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It’s time to stop managing waste and start preventing it

Corporate recycling and waste diversion efforts still aren't cutting it. Better understanding where waste originates and preventing it at the source could increase both profitability and sustainability.

Diverting the world’s estimated 12 million tons of daily waste is no easy task. Today’s waste management strategies are often costly, cumbersome and bad for our environment.

In order to really reduce impacts on the environment while increasing profitability, companies need to aggressively shift the focus from waste management to waste prevention.

Companies in all industries have the potential for increased profitability, efficiency and reduced environmental impact when they make the decision to start preventing their waste. Whether it is occurring during production or consumption, a high waste output is an unnecessary expense.

Incorporating a strategic waste-savings plan into your business model, instead of paying for waste removal services, is a great way to tie waste reduction directly to the bottom line.

But waste prevention is also a matter of focus. When businesses start thinking about recycling and zero waste, they tend to start with the more obvious materials: paper, plastic, cardboard, glass and aluminum. These recyclable products are easily monetized and can generate revenue. 

In reality, however, food is the largest component of municipal solid waste. 

Every year, more than 34 million tons of food waste is produced and when it rots in landfills, it accounts for a significant portion of U.S. methane emissions. That's why it is crucial that businesses start to employ environmentally responsible solutions for food waste disposal.

And in fact, businesses soon may be compelled into action. In recent years, government, businesses and environmental leaders have come together to communicate the fact that traditional food waste management is no longer a viable solution.

Governments across North America, including most recently those in Massachusetts, Seattle, New York City and Vancouver, continue to act and pass legislation banning or limiting commercial food waste.

Maryland state officials recently released a zero-waste plan calling for reducing, reusing and recycling nearly all the waste produced in Maryland by 2040, and California will take its sustainable reputation even further when all food waste from commercial businesses will be converted to energy through anaerobic digestion.

We believe that by 2020, the majority of states will implement similar bans.

Still, local municipalities need to support. They also need to educate companies on new initiatives while encouraging businesses to adapt new waste diversion practices.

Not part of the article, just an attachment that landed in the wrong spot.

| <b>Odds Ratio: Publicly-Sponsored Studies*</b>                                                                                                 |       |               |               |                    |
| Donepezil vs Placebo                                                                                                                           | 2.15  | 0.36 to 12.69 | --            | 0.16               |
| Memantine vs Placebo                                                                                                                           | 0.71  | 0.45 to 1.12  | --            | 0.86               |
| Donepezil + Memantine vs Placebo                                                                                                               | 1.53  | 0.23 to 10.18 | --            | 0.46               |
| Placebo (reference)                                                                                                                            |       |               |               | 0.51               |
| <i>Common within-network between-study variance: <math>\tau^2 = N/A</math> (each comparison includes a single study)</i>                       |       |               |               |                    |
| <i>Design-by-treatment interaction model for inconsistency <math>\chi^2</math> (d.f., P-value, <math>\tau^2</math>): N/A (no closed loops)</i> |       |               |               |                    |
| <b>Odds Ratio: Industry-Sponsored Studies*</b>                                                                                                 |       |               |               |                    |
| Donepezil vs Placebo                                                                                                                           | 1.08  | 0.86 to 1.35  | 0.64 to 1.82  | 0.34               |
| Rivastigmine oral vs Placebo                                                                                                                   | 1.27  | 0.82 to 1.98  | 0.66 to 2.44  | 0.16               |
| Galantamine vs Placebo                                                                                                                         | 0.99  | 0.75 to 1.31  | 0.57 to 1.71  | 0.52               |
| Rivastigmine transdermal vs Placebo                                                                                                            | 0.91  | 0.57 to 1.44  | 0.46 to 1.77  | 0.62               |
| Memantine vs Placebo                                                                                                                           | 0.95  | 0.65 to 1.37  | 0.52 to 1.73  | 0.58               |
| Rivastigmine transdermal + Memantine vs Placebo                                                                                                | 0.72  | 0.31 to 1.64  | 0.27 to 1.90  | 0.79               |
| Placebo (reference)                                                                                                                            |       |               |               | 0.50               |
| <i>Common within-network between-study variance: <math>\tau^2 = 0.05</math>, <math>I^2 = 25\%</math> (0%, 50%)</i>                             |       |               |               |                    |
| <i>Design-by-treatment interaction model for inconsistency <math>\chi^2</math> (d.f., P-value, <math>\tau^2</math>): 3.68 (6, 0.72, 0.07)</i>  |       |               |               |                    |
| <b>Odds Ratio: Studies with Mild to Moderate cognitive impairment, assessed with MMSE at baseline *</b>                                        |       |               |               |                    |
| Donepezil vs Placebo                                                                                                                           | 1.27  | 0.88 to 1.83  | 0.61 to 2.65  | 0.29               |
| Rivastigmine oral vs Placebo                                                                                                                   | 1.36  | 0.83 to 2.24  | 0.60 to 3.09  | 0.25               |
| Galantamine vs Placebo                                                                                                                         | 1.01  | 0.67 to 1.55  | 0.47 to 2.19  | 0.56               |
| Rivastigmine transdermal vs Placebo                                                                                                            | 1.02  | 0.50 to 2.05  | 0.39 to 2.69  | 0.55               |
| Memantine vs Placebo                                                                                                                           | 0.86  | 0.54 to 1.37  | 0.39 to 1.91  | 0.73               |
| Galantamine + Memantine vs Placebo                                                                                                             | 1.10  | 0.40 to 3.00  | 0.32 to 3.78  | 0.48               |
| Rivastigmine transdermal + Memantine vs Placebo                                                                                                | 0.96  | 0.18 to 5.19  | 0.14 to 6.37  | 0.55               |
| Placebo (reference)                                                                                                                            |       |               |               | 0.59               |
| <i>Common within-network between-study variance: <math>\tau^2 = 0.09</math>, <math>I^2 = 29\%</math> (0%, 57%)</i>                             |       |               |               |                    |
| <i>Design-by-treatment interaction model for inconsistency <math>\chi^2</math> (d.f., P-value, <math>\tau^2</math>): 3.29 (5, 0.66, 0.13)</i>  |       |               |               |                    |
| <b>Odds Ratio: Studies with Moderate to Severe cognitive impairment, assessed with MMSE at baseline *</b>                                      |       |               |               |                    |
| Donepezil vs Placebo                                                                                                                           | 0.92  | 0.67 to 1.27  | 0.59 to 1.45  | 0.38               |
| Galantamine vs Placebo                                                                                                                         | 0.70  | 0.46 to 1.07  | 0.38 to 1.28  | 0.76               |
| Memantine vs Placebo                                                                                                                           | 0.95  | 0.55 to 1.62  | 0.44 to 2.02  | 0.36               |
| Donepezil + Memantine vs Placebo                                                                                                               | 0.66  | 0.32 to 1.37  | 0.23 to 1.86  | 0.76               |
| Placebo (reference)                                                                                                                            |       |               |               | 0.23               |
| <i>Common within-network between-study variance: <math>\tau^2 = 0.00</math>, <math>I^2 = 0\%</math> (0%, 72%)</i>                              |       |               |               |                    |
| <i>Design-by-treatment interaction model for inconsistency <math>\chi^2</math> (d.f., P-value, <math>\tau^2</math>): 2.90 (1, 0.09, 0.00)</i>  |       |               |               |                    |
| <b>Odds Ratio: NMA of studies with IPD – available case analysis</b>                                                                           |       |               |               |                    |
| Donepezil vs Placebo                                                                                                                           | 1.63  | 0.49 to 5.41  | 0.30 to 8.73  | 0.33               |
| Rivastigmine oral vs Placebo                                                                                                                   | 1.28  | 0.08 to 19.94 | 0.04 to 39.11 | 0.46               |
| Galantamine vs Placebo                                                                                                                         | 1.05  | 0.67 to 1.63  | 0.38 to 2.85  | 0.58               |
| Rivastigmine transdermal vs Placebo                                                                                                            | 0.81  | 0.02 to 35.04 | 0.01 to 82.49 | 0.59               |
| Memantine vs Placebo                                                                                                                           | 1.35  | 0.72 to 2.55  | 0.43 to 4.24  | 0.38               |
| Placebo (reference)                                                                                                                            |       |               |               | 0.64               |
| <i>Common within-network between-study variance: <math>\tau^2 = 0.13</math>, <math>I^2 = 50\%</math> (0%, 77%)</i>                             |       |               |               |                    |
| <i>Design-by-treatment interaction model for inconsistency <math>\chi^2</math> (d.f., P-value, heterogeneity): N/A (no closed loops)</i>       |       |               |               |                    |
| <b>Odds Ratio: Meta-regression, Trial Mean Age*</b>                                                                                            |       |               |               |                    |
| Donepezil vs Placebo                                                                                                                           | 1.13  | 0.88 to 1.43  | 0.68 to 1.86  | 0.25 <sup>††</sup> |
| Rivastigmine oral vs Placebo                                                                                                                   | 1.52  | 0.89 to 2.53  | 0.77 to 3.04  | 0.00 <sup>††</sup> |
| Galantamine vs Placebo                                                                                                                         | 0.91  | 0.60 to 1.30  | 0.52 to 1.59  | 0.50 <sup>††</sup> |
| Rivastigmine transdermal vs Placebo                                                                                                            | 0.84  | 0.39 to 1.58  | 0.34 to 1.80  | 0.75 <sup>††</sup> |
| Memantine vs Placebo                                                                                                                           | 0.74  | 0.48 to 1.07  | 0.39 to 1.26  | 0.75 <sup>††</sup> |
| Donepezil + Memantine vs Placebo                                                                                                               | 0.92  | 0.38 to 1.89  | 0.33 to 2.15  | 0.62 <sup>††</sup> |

Moving beyond diversion

While there is still plenty of room for improvement when it comes to landfill diversion, leaders around the world are also starting to address the underlying issue of waste prevention.

At this year’s World Economic Forum in Davos, for example, several sustainability issues emerged as global risk factors. This year, the importance of prevention and using green technology to ignite a wave of innovation across the food distribution industry also was added to the agenda.

In order to generate the transparency needed to start preventing food waste, we need to invest in new technologies that will allow businesses to easily track, report, analyze and audit waste and recyclables.

Big Data provides information to better address business problems. Having the right data on consumption patterns will allow us to reduce the amount of waste at the source, which in turn encourages product manufacturers to cut down on unnecessary packaging.

When executives are empowered with real-time analytics, they more efficiently can benchmark their performance metrics, implement best practices and make company-wide adjustments to improve efficiency and profitability.

Operational costs are one of the easiest ways to cut back on overall expenses, and efficient recycling practices are a great way to accomplish that goal. But by finding innovative ways to consume fewer resources and generate less waste, businesses will spend less time and money up front.

Unfortunately, many disposable products, including food products, continue to fill landfills quicker than companies choose to make changes to their waste prevention and recycling programs.

With the rise of the zero waste movement and the emergence of better technology to analyze and prevent waste, however, the road to increased profitability and sustainability might just be coming into focus.

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